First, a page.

Type of Document Master's Thesis Author Sandy, Alexis Emily Author's Email Address firstname.lastname@example.org URN etd-06142006-172204 Title Environmental and Digital Data Analysis of the National Wetlands Inventory (NWI) Landscape Position Classification System Degree Master of Science Department Crop and Soil Environmental Sciences Advisory Committee
Advisor Name Title Galbraith, John M. Committee Chair Campbell, James B. Jr. Committee Member Daniels, Walter Lee Committee Member Prisley, Stephen P. Committee Member Keywords
- landscape position
- National Wetlands Inventory
- Lotic Stream
- Lotic River
- slope curvature
- hydrology primary and secondary indicators
- functional descriptors
- field indicators of hydric soil
- wetland plant indicator status
Date of Defense 2006-05-31 Availability unrestricted AbstractThe National Wetlands Inventory (NWI) is the definitive source for wetland resources in the United States. The NWI production unit in Hadley, MA has begun to upgrade their digital map database, integrating descriptors for assessment of wetland functions. Updating is conducted manually and some automation is needed to increase production and efficiency. This study assigned landscape position descriptor codes to NWI wetland polygons and correlated polygon environmental properties with public domain terrain, soils, hydrology, and vegetation data within the Coastal Plain of Virginia. Environmental properties were applied to a non-metric multidimensional scaling technique to identify similarities within individual landscape positions based on wetland plant indicators, primary and secondary hydrology indicators, and field indicators of hydric soils. Individual NWI landscape position classes were linked to field-validated environmental properties. Measures provided by this analysis indicated that wetland plant occurrence and wetland plant status obtained a stress value of 0.136 (Kruskal’s stress measure = poor), which is a poor indicator when determining correlation among wetland environmental properties. This is due principally to the highly-variable plant distribution and wetland plant status found among the field-validated sites. Primary and secondary hydrology indicators obtained a stress rating of 0.097 (Kruskal’s stress measure = good) for correlation. The hydrology indicators measured in this analysis had a high level of correlation with all NWI landscape position classes due the common occurrence of at least one primary hydrology indicator in all field validated wetlands. The secondary indicators had an increased accuracy in landscape position discrimination over the primary indicators because they were less ubiquitous. Hydric soil characteristics listed in the 1987 Manual and NTCHS field indicators of hydric soils proved to be a relatively poor indicator, based on Kruskal’s stress measure of 0.117, for contrasting landscape position classes because the same values occurred across all classes.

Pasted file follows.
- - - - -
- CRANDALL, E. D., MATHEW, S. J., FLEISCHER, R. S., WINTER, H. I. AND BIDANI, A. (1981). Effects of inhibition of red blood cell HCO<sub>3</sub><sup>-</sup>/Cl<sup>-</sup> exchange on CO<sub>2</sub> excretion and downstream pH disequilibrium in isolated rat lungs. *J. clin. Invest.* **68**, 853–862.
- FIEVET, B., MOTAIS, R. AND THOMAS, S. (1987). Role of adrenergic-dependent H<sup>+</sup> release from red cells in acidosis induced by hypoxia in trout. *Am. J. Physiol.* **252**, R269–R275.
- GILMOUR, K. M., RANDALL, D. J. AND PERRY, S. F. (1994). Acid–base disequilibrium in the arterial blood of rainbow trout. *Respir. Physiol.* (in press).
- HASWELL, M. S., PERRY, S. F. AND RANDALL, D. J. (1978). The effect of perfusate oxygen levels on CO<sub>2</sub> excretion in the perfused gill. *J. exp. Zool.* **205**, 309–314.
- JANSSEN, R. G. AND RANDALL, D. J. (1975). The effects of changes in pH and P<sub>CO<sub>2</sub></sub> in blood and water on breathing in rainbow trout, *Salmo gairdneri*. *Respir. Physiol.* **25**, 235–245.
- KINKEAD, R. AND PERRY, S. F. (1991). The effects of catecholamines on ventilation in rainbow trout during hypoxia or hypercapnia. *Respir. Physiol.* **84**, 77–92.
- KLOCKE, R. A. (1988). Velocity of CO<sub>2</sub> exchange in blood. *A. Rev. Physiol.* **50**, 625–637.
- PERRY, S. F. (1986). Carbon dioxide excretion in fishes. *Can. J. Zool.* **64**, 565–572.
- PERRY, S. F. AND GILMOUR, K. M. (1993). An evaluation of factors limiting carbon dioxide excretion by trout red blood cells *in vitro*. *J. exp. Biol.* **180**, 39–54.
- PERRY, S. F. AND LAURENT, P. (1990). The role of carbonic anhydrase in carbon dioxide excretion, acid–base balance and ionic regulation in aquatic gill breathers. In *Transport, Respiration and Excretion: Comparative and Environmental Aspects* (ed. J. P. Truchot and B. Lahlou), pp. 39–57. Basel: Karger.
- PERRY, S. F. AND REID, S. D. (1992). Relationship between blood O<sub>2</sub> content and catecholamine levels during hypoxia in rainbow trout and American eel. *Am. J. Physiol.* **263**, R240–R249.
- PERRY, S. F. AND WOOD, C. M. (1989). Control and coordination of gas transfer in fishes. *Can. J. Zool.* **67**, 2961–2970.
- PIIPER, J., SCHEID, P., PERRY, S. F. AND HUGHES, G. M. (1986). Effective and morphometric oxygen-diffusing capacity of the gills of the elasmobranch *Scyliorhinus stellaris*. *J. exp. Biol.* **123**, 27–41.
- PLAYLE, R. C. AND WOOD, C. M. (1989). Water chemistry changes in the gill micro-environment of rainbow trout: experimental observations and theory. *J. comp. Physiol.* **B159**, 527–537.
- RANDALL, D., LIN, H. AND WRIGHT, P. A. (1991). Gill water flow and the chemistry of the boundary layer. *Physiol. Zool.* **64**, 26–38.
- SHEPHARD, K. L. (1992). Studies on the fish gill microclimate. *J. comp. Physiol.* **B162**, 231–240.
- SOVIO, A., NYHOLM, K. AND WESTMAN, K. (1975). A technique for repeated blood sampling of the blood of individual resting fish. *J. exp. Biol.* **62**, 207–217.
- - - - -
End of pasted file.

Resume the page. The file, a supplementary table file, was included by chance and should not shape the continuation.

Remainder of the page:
The six NWI field–validated landscape position classes used in this study were then further applied in a public domain digital data analysis. Mean pixel attribute values extracted from the 180 field-validated wetlands were analyzed using cluster analysis. The percent hydric soil component displayed the greatest variance when compared to elevation and slope curvature, streamflow and waterbody, Cowardin classification, and wetland vegetation type. Limitations of the soil survey data included: variable date of acquisition, small scale compared to wetland size, and variable quality. Flow had limitations related to its linear attributes, therefore is often found insignificant when evaluating pixel values that are mean of selected pixels across of wetland landscape position polygons. NLCD data limitations included poor quality resolution (large pixel size) and variable classification of cover types. The three sources of information that would improve wetland mapping and modeling the subtle changes in elevation and slope curvature that characterize wetland landscapes are: recent high resolution leaf-off aerial photography, high-quality soil survey data, and high-resolution elevation data.
Due to the data limitations and the choice of variables used in this study, development of models and rules that clearly separate the six different landscape positions was not possible, and thus automation of coding could not be attempted.
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